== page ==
MINNEAPOLIS (WCCO) — Minnesota doctors are changing the way they prescribe pain medications in an effort to do their part in the opioid crisis.

The Minnesota Department of Health announced last week that the number of opioid overdose deaths was down in 2018 — going from 733 deaths in 2017, down to 607, or a 17 percent reduction.

Minnesota hospitals and clinics have managed to significantly reduce the number of pain pills being prescribed.

At Twin Cities Orthopedics, researchers wanted to figure out how to change prescription practices. They began tracking 3,000 patients and their prescriptions in 2017.

“I think there’s still a question of how do we continue to address it. What is over-prescribing? That question is still out there,” Rachel Uzlik, vice-president of clinic services at Twin Cities Orthopedics, said. “Most patients said they weren’t taking their prescription at all, they held it in case the pain got too bad.”

Many patients were afraid to take opioids because of addiction.

After collecting the data, Twin Cities Orthopedics launched new prescription guidelines for all of its physicians in 2018, that included more patient education on non-narcotic alternatives and a maximum quantity of opioids being prescribed.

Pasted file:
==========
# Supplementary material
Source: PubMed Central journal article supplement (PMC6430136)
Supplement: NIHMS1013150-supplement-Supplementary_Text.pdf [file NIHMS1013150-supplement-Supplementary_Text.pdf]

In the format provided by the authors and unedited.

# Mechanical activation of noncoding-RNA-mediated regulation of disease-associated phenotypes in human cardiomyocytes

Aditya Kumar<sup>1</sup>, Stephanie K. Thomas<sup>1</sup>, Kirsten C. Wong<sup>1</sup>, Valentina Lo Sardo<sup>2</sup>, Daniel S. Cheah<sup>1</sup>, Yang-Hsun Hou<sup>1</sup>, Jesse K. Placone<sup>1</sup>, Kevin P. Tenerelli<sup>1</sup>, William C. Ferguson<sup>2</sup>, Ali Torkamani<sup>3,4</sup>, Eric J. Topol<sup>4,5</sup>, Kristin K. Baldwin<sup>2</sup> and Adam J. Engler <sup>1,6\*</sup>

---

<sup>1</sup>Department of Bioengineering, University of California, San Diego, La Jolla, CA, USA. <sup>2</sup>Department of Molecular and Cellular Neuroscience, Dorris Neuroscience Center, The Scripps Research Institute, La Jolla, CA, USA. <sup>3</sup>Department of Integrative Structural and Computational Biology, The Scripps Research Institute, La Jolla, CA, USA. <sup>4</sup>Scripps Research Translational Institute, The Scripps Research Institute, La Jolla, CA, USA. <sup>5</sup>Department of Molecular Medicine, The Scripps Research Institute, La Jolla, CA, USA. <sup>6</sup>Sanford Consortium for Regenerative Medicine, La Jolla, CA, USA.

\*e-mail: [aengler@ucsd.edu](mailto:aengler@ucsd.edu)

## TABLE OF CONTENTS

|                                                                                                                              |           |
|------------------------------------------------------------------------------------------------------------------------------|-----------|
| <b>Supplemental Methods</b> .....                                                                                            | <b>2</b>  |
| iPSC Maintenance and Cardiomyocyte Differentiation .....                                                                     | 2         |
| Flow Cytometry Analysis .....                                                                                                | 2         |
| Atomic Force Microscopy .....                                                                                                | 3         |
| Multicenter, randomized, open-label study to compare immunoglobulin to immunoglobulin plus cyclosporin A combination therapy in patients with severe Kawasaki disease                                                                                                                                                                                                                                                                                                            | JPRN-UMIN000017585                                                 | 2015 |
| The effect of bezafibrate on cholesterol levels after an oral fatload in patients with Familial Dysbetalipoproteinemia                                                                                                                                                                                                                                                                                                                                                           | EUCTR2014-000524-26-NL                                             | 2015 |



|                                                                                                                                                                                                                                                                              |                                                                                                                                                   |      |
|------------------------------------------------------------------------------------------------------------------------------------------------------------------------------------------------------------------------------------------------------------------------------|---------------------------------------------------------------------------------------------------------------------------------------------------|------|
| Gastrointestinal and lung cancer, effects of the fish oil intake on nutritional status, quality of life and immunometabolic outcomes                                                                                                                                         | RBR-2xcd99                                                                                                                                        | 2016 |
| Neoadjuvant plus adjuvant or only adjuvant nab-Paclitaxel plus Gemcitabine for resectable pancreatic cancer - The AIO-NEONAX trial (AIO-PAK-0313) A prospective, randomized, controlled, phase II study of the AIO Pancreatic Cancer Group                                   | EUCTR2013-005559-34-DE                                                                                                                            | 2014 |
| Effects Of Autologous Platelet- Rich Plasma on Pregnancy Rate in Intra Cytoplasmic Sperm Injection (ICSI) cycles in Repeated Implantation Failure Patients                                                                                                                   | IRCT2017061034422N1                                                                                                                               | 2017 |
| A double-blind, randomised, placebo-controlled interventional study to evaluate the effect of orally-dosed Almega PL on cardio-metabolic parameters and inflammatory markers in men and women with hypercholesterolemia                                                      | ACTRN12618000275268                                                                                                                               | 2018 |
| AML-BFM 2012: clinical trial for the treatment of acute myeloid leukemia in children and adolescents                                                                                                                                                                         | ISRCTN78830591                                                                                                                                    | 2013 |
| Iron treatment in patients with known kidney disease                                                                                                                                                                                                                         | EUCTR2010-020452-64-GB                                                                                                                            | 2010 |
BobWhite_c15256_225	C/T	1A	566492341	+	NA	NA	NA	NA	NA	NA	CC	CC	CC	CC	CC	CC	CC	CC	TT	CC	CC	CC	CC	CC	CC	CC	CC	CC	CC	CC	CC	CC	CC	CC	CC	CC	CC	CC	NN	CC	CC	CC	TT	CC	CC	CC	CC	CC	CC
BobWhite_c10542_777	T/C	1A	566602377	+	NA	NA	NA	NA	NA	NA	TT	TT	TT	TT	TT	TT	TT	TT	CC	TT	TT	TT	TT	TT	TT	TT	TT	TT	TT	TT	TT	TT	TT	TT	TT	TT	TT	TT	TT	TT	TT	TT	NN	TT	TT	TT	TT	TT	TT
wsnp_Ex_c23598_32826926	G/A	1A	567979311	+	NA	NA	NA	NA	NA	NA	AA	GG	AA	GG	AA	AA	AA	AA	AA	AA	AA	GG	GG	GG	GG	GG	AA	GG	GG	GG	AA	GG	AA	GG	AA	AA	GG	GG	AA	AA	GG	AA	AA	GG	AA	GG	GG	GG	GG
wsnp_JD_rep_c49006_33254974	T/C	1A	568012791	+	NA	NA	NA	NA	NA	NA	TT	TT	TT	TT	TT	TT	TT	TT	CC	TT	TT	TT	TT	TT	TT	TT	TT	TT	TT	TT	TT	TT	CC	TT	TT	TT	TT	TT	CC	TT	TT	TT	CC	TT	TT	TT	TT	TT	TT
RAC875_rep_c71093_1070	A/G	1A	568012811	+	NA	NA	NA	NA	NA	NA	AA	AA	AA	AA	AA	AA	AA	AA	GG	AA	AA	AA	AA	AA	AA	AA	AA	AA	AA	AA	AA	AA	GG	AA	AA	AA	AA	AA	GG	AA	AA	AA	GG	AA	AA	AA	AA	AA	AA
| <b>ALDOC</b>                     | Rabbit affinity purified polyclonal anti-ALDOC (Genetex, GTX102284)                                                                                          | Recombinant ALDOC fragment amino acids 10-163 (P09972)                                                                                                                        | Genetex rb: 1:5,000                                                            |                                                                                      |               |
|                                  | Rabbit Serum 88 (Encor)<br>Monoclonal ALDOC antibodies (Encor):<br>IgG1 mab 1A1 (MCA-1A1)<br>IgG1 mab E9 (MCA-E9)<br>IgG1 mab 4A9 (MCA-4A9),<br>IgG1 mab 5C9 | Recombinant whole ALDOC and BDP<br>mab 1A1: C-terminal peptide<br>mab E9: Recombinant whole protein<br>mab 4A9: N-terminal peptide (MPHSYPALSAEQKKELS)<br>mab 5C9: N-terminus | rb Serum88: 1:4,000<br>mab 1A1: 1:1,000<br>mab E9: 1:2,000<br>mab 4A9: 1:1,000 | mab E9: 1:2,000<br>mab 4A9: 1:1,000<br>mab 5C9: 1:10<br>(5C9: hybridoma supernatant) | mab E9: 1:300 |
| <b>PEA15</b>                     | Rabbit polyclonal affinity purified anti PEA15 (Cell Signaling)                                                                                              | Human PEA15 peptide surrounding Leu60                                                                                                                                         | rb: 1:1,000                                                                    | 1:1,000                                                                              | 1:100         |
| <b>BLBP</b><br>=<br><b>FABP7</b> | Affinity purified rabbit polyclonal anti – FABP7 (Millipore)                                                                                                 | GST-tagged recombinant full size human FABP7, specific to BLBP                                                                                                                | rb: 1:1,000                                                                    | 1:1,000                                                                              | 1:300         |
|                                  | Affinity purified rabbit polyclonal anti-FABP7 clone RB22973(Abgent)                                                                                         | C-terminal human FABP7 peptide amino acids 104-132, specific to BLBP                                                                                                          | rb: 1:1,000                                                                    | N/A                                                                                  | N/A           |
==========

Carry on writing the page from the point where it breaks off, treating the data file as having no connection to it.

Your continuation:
The result was a 61 percent drop in pills prescribed, a 62 percent drop in prescription strength, and a doubling of safe disposal of unused medication.

Yet patients’ pain levels weren’t affected.

“What happened was patients allowed to feel the pain a little bit and understood it wasn’t so scary and slowed down on their consumption,” Uzlik said.

The Mayo Clinic also revised its prescription guidelines after studying 8,000 surgical cases. They found prescribing opioid medications based on a tier-based system significantly reduced the number of prescriptions and refills.

“You know there are so many causes of the opioid epidemic, but what we can do as providers is be responsible for what we prescribe,” Dr. Halena Gazelka said.

Now any patient that gets prescribed pain medication will also go home with a narcotics disposal bag. Patients can simply put their medication in the bag and it will automatically neutralize it, and can then be thrown in the trash.

The Mayo Clinic has also instituted a three-day limit on opioid prescriptions for all of its emergency departments.

Both Twin Cities Orthopedics and the Mayo hope the research will encourage clinics across the state to improve prescription rates.

Kate Raddatz

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